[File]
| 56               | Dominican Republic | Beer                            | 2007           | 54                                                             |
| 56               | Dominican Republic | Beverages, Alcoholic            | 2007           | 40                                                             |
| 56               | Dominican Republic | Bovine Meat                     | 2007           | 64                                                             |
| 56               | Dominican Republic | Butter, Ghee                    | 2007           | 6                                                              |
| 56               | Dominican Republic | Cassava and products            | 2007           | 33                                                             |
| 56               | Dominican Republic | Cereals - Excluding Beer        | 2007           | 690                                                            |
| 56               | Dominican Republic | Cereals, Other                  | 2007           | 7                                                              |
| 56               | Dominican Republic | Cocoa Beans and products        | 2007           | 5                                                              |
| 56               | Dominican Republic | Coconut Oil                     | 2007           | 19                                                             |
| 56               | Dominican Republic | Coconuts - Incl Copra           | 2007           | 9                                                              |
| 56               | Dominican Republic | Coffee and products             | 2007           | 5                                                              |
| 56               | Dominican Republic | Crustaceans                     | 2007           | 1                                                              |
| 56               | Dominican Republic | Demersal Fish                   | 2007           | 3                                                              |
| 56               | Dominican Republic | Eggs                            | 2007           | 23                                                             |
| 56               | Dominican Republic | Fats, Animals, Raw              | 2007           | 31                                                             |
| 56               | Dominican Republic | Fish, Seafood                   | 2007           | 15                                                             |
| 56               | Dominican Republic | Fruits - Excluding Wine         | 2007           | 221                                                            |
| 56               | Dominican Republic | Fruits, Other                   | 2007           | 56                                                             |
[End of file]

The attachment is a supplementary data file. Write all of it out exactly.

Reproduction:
| 56               | Dominican Republic | Beer                            | 2007           | 54                                                             |
| 56               | Dominican Republic | Beverages, Alcoholic            | 2007           | 40                                                             |
| 56               | Dominican Republic | Bovine Meat                     | 2007           | 64                                                             |
| 56               | Dominican Republic | Butter, Ghee                    | 2007           | 6                                                              |
| 56               | Dominican Republic | Cassava and products            | 2007           | 33                                                             |
| 56               | Dominican Republic | Cereals - Excluding Beer        | 2007           | 690                                                            |
| 56               | Dominican Republic | Cereals, Other                  | 2007           | 7                                                              |
| 56               | Dominican Republic | Cocoa Beans and products        | 2007           | 5                                                              |
| 56               | Dominican Republic | Coconut Oil                     | 2007           | 19                                                             |
| 56               | Dominican Republic | Coconuts - Incl Copra           | 2007           | 9                                                              |
| 56               | Dominican Republic | Coffee and products             | 2007           | 5                                                              |
| 56               | Dominican Republic | Crustaceans                     | 2007           | 1                                                              |
| 56               | Dominican Republic | Demersal Fish                   | 2007           | 3                                                              |
| 56               | Dominican Republic | Eggs                            | 2007           | 23                                                             |
| 56               | Dominican Republic | Fats, Animals, Raw              | 2007           | 31                                                             |
| 56               | Dominican Republic | Fish, Seafood                   | 2007           | 15                                                             |
| 56               | Dominican Republic | Fruits - Excluding Wine         | 2007           | 221                                                            |
| 56               | Dominican Republic | Fruits, Other                   | 2007           | 56                                                             |